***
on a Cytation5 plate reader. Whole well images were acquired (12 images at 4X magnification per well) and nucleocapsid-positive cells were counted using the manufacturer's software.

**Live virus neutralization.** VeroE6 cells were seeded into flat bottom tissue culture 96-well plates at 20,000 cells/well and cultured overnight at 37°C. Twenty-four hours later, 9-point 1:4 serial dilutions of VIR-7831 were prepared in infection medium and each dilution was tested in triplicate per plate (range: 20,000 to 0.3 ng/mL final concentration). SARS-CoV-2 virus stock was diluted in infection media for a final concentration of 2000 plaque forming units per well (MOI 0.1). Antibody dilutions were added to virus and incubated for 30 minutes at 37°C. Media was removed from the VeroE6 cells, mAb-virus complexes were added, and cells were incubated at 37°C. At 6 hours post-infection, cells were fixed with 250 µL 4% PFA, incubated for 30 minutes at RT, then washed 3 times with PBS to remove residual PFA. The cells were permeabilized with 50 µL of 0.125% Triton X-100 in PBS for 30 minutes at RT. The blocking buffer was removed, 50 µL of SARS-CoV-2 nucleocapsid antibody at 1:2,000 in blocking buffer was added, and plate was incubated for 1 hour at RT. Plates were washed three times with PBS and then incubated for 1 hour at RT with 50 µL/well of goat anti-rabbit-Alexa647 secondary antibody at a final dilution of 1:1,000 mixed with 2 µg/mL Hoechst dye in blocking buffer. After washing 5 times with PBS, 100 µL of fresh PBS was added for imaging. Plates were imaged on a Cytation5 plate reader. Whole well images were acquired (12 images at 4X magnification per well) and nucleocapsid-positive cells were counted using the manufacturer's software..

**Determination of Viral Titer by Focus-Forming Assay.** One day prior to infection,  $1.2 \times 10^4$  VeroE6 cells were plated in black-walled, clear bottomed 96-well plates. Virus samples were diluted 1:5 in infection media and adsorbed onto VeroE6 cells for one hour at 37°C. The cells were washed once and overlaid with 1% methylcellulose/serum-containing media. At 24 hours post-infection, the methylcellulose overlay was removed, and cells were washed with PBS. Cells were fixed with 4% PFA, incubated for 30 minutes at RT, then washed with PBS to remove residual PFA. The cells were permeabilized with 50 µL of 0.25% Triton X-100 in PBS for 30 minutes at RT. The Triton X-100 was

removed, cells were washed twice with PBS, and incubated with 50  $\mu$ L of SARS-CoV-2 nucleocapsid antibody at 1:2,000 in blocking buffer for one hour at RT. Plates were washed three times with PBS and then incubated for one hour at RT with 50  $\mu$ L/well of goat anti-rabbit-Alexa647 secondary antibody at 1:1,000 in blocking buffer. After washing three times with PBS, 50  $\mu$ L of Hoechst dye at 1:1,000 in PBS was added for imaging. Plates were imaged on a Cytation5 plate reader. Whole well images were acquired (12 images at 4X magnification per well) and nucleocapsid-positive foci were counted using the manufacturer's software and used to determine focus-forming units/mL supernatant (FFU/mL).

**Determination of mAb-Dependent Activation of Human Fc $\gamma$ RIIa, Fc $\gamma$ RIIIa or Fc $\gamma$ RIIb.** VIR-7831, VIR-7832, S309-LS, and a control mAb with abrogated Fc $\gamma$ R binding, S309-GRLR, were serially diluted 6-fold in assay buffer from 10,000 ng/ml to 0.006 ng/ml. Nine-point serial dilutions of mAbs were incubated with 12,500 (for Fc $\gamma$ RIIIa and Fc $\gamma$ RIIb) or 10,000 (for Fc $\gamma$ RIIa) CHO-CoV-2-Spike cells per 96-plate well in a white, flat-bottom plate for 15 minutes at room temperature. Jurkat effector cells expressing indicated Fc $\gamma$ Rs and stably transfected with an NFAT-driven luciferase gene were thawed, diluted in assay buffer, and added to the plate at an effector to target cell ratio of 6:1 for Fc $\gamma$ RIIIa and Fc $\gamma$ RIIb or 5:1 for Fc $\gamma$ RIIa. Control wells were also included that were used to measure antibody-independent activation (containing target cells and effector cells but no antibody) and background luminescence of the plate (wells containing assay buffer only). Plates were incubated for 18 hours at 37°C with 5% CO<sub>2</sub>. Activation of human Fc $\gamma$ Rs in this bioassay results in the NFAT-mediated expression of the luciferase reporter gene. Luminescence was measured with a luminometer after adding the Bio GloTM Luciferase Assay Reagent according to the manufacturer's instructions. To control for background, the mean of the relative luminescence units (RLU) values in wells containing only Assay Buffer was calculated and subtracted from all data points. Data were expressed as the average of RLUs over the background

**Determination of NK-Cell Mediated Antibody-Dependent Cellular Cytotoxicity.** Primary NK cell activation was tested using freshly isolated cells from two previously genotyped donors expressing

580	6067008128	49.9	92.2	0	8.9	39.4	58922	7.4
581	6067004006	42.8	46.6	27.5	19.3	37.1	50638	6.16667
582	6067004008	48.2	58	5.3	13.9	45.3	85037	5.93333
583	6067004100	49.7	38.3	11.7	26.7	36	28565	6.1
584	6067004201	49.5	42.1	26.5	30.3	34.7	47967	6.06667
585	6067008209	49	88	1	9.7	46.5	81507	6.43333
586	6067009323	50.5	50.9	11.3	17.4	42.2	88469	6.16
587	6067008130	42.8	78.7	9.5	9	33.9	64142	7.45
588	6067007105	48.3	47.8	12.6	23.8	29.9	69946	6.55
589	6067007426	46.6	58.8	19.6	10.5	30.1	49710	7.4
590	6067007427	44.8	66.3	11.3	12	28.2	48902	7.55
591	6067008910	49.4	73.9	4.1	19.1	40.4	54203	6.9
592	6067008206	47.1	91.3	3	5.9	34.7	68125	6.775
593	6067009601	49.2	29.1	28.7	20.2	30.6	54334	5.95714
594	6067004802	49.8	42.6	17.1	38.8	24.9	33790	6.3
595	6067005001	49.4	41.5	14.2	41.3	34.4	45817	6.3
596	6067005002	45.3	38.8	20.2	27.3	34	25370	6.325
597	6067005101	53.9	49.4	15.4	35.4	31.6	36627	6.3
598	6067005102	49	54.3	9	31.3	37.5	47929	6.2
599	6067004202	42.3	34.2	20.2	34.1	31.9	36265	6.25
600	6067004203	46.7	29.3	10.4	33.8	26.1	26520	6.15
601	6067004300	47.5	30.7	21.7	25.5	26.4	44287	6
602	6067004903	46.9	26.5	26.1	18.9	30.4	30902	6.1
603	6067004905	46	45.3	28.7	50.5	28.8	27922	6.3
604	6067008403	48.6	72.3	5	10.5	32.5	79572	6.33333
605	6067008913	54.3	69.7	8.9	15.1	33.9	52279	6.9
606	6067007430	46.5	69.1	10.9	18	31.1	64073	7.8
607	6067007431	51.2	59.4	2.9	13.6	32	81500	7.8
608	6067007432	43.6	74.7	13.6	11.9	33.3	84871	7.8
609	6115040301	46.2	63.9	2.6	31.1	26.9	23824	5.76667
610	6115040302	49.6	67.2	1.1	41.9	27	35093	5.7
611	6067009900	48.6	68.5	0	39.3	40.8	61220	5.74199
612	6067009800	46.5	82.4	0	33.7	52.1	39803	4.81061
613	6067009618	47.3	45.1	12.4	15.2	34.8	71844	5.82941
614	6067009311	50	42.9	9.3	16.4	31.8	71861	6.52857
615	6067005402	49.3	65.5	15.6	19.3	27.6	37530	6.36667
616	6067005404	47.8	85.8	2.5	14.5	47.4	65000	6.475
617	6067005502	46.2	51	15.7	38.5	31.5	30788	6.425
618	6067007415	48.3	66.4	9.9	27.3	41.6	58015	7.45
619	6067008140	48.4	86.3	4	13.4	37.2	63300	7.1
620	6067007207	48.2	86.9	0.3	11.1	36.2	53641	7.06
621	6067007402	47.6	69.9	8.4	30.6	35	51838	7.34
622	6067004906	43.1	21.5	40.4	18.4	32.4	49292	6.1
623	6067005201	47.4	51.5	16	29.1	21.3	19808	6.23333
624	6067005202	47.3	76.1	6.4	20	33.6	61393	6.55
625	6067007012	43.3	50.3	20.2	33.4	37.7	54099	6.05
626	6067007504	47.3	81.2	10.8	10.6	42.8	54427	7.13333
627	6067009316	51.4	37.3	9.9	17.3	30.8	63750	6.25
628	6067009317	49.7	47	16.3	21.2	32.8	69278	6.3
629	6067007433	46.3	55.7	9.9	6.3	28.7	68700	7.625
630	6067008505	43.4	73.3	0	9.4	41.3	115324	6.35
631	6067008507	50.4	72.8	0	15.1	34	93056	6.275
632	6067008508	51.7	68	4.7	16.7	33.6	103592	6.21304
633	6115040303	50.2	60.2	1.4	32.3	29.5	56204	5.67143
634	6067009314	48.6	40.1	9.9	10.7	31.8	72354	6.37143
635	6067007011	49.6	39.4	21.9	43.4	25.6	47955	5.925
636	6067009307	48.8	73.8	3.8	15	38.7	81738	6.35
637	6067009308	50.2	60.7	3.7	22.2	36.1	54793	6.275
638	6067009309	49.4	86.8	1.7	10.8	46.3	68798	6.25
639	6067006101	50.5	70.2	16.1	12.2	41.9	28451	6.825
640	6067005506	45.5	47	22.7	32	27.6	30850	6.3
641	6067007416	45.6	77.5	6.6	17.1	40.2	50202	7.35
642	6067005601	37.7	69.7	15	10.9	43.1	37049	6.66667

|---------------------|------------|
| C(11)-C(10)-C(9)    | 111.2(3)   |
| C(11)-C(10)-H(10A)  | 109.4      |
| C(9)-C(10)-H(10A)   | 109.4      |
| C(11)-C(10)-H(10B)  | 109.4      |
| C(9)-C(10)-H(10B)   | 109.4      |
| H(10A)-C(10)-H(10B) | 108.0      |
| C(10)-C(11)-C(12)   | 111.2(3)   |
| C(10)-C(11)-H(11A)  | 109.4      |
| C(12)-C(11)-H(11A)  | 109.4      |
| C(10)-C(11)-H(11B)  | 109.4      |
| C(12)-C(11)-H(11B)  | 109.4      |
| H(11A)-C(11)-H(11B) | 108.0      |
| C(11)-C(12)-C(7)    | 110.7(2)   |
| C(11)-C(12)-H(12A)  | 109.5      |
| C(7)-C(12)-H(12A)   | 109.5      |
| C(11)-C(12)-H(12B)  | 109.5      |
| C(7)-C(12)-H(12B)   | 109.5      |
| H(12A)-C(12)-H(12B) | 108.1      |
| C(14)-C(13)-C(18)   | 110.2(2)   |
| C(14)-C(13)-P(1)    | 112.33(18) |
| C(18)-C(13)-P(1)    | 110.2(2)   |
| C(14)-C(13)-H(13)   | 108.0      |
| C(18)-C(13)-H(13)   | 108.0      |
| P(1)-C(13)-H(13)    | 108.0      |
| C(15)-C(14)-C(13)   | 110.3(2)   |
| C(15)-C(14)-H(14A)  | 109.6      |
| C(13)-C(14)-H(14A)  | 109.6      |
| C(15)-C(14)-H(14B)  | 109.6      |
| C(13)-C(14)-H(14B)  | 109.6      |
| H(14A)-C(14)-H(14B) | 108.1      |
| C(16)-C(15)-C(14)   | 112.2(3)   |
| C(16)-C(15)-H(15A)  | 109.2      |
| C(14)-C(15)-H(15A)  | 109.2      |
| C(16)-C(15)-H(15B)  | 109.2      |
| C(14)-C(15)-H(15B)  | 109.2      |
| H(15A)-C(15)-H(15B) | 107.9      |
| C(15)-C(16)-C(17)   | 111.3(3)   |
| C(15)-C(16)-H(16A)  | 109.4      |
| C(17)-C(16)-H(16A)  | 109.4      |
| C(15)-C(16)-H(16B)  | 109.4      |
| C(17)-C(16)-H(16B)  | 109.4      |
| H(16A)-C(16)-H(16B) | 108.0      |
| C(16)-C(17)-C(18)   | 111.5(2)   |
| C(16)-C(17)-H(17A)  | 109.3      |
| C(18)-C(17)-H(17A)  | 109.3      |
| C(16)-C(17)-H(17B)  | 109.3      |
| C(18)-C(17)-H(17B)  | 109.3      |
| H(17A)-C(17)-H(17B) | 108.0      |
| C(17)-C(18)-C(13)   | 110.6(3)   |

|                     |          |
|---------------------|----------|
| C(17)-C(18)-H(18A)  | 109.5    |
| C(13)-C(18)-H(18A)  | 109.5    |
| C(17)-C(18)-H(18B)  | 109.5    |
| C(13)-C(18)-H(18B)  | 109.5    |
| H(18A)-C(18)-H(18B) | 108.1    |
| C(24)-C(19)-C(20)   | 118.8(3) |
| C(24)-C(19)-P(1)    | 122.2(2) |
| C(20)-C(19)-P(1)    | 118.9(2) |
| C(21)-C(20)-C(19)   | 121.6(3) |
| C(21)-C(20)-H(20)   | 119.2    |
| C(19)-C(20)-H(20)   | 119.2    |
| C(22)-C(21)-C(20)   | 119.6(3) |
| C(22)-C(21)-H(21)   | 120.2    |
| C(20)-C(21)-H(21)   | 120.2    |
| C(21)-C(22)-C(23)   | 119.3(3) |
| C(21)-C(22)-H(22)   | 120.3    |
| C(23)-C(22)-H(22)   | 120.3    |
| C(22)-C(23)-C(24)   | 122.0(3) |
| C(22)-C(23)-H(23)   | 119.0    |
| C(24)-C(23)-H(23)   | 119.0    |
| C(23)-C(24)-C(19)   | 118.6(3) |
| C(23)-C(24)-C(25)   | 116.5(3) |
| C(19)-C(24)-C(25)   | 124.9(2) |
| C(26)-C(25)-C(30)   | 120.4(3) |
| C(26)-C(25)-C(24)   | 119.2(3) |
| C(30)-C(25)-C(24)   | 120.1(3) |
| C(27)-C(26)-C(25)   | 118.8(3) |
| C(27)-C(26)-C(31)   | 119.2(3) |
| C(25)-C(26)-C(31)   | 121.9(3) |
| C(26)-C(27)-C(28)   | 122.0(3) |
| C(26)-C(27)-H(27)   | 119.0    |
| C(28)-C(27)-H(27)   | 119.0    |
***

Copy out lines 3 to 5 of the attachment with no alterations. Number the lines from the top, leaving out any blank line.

**Determination of Viral Titer by Focus-Forming Assay.** One day prior to infection,  $1.2 \times 10^4$  VeroE6 cells were plated in black-walled, clear bottomed 96-well plates. Virus samples were diluted 1:5 in infection media and adsorbed onto VeroE6 cells for one hour at 37°C. The cells were washed once and overlaid with 1% methylcellulose/serum-containing media. At 24 hours post-infection, the methylcellulose overlay was removed, and cells were washed with PBS. Cells were fixed with 4% PFA, incubated for 30 minutes at RT, then washed with PBS to remove residual PFA. The cells were permeabilized with 50 µL of 0.25% Triton X-100 in PBS for 30 minutes at RT. The Triton X-100 was

removed, cells were washed twice with PBS, and incubated with 50  $\mu$ L of SARS-CoV-2 nucleocapsid antibody at 1:2,000 in blocking buffer for one hour at RT. Plates were washed three times with PBS and then incubated for one hour at RT with 50  $\mu$ L/well of goat anti-rabbit-Alexa647 secondary antibody at 1:1,000 in blocking buffer. After washing three times with PBS, 50  $\mu$ L of Hoechst dye at 1:1,000 in PBS was added for imaging. Plates were imaged on a Cytation5 plate reader. Whole well images were acquired (12 images at 4X magnification per well) and nucleocapsid-positive foci were counted using the manufacturer's software and used to determine focus-forming units/mL supernatant (FFU/mL).

**Determination of mAb-Dependent Activation of Human Fc $\gamma$ RIIa, Fc $\gamma$ RIIIa or Fc $\gamma$ RIIb.** VIR-7831, VIR-7832, S309-LS, and a control mAb with abrogated Fc $\gamma$ R binding, S309-GRLR, were serially diluted 6-fold in assay buffer from 10,000 ng/ml to 0.006 ng/ml. Nine-point serial dilutions of mAbs were incubated with 12,500 (for Fc $\gamma$ RIIIa and Fc $\gamma$ RIIb) or 10,000 (for Fc $\gamma$ RIIa) CHO-CoV-2-Spike cells per 96-plate well in a white, flat-bottom plate for 15 minutes at room temperature. Jurkat effector cells expressing indicated Fc $\gamma$ Rs and stably transfected with an NFAT-driven luciferase gene were thawed, diluted in assay buffer, and added to the plate at an effector to target cell ratio of 6:1 for Fc $\gamma$ RIIIa and Fc $\gamma$ RIIb or 5:1 for Fc $\gamma$ RIIa. Control wells were also included that were used to measure antibody-independent activation (containing target cells and effector cells but no antibody) and background luminescence of the plate (wells containing assay buffer only). Plates were incubated for 18 hours at 37°C with 5% CO<sub>2</sub>. Activation of human Fc $\gamma$ Rs in this bioassay results in the NFAT-mediated expression of the luciferase reporter gene. Luminescence was measured with a luminometer after adding the Bio GloTM Luciferase Assay Reagent according to the manufacturer's instructions. To control for background, the mean of the relative luminescence units (RLU) values in wells containing only Assay Buffer was calculated and subtracted from all data points. Data were expressed as the average of RLUs over the background